Bruno Frisoni, the designer for Roger Vivier, has just begun renovating a house in the casbah, after looking at property in his native Italy. Like most expats here, Frisoni sees distinct risks in Tangier’s rebirth, despite obvious benefits to residents in the form of jobs and cash. “There’s a lot of new building that’s not so beautiful,” Frisoni says. “Then again, Tangier has never been about beautiful buildings. It’s more about the mix of cultures and the strange, miragelike quality that nobody can really define.” (An added attraction, stemming from the city’s lack of world-class restaurants: “It’s a great place to lose weight,” Frisoni jokes.)
Visitors craving an atmospheric dose of old Tangier would do well to start at Galerie Tindouf, a cluttered antiques shop outside the city’s mazelike but compact medina. Owner Boubker Temli, a third-generation dealer favored by locals like Yves Saint Laurent, runs the place with a nod to the city’s international history, stocking everything from 18th-century Moroccan peasant crockery to drawings by Beat artist Brion Gysin. Another antiques landmark, deep inside the medina, is Boutique Majid, three stories of well-chosen antique rugs, fabrics, jewelry, linens and 18th-century marriage caftans.
But the adjacent neighborhood known as Ville Nouvelle, or New Town, is getting noticeably sleeker: In June French decorator Régis Milcent opened the city’s first high-end European interiors shop, where locals can get their fix of Pierre Frey fabrics. “There’s something happening here in Tangier, obviously,” says Milcent. “But I’m not sure it will ever be like Marrakesh. The people coming here are always going to be slightly, uh, different.” That’s putting it mildly. A longtime haven for marginal types and eccentrics, Tangier still attracts the kind of people who do their food shopping wearing Russian czar outfits, and everyone knows of the man who lives here with a staff of dwarves (who sometimes dance for dinner guests) and a pet rooster named Birdie.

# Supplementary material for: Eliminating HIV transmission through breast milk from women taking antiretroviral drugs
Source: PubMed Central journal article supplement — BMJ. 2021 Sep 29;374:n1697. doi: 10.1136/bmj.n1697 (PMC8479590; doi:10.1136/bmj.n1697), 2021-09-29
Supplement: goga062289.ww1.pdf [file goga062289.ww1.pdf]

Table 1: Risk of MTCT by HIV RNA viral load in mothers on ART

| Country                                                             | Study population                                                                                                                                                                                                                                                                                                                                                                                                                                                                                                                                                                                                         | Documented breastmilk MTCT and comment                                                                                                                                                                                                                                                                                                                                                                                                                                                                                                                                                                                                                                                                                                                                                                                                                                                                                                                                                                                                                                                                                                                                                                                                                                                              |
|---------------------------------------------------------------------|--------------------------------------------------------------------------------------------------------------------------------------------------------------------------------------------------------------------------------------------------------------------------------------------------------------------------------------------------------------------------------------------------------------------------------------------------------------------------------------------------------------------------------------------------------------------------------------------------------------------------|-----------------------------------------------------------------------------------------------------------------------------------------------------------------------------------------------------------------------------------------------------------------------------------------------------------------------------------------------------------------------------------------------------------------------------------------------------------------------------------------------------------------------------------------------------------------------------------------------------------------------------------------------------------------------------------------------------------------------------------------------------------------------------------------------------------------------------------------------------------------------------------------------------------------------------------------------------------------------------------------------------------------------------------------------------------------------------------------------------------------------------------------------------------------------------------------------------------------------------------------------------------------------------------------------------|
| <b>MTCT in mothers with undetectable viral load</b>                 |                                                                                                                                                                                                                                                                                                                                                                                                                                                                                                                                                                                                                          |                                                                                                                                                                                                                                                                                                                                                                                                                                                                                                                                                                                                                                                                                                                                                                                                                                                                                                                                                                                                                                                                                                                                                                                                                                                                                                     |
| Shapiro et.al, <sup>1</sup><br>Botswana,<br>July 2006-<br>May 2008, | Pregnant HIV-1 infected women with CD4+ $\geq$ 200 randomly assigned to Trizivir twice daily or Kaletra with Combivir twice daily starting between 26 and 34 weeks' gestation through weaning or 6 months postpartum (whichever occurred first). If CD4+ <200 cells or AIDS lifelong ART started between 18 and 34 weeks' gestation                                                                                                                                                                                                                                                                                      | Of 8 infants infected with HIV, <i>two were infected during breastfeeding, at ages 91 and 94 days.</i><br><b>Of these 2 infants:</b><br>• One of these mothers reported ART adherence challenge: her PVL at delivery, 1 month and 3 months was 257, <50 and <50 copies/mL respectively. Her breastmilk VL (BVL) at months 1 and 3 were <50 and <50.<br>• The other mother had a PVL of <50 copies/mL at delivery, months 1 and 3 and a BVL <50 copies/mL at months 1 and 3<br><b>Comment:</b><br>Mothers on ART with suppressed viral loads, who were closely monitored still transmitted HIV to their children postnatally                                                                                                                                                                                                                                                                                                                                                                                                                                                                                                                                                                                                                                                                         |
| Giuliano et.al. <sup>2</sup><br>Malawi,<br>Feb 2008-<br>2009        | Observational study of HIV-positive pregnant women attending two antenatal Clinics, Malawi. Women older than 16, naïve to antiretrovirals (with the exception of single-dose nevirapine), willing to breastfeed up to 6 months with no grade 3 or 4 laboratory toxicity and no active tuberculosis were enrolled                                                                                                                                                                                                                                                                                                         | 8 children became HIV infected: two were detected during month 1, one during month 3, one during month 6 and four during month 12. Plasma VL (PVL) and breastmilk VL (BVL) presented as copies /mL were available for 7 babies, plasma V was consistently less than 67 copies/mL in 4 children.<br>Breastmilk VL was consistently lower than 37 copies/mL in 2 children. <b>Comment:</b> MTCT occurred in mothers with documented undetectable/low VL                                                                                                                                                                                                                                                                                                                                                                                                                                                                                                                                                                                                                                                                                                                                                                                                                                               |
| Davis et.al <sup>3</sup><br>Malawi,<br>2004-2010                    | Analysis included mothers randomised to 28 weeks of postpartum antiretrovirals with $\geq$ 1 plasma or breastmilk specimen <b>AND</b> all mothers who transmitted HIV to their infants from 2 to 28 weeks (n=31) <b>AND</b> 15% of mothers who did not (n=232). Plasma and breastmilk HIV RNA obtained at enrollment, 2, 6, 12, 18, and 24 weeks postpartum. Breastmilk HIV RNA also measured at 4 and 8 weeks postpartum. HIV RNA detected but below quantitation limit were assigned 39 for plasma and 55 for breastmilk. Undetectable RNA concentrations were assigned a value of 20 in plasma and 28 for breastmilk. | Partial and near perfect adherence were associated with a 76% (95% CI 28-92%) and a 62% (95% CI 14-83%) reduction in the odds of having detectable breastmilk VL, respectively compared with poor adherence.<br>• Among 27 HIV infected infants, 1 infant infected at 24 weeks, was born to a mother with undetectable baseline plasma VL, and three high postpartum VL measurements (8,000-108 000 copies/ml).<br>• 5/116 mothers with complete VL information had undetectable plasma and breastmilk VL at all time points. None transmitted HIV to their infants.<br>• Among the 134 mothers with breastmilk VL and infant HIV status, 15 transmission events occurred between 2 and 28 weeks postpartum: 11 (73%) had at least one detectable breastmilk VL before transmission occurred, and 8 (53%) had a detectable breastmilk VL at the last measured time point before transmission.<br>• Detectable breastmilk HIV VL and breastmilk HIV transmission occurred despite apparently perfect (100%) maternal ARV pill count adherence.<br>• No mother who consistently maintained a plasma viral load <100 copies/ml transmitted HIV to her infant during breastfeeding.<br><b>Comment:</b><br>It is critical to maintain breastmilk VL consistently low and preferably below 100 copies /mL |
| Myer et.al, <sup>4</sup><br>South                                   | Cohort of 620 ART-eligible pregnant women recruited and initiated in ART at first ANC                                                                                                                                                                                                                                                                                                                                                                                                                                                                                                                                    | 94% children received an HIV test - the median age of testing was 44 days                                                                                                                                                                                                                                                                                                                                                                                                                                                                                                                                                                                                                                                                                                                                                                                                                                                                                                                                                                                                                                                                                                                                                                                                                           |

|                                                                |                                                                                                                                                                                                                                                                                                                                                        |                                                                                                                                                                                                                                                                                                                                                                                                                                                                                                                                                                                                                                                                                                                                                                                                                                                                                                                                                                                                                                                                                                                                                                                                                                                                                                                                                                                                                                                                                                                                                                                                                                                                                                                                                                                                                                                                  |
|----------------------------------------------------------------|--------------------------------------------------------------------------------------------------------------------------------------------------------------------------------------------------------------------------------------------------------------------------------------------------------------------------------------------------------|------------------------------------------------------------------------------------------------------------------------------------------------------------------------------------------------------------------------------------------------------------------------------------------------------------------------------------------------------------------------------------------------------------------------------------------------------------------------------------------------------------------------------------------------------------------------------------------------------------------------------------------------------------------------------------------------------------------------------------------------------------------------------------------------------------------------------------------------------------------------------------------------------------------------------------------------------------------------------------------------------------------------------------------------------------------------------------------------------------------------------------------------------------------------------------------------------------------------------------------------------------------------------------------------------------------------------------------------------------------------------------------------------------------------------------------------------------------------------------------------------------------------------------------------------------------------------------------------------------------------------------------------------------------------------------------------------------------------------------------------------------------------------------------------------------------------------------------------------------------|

When the Tangier elite—eccentric and otherwise—venture out, they’ll often gather for a poolside lunch at El Minzah, built by Lord Bute in 1930 and now the hotel of choice for fans of faded grandeur. From the hotel it’s a quick walk to the hectic main square, Grand Socco, or a five-minute drive up into the lush hills of Old Mountain, where you’ll feel as if you’ve ascended the coastal bluffs of Majorca. It’s here that foreign homeowners such as Madison Cox tend their magnificent gardens, validating Tangier’s reputation as a landscaper’s paradise where just about any plant will thrive. For the past few years, Christopher Gibbs, the retired London antiques dealer, has been merging several plots of land into a gorgeous cliffside compound, complete with a century-old water garden. (Gibbs notes that renovations go much more quickly here than in his native England, where “if you want to build something that is going to disturb a single butterfly, you need to get 10 signatures. Here you just do it.”) The area has only one hotel, the opulent 10-room Villa Joséphine, an early 20th-century colonial-style mansion at the end of a driveway that cuts through a long row of yuccas. From the verandas and the poolside terrace, there’s a spectacular view over Tangier’s jumble of concrete rooftops and, beyond, of the ferries crisscrossing the Strait of Gibraltar.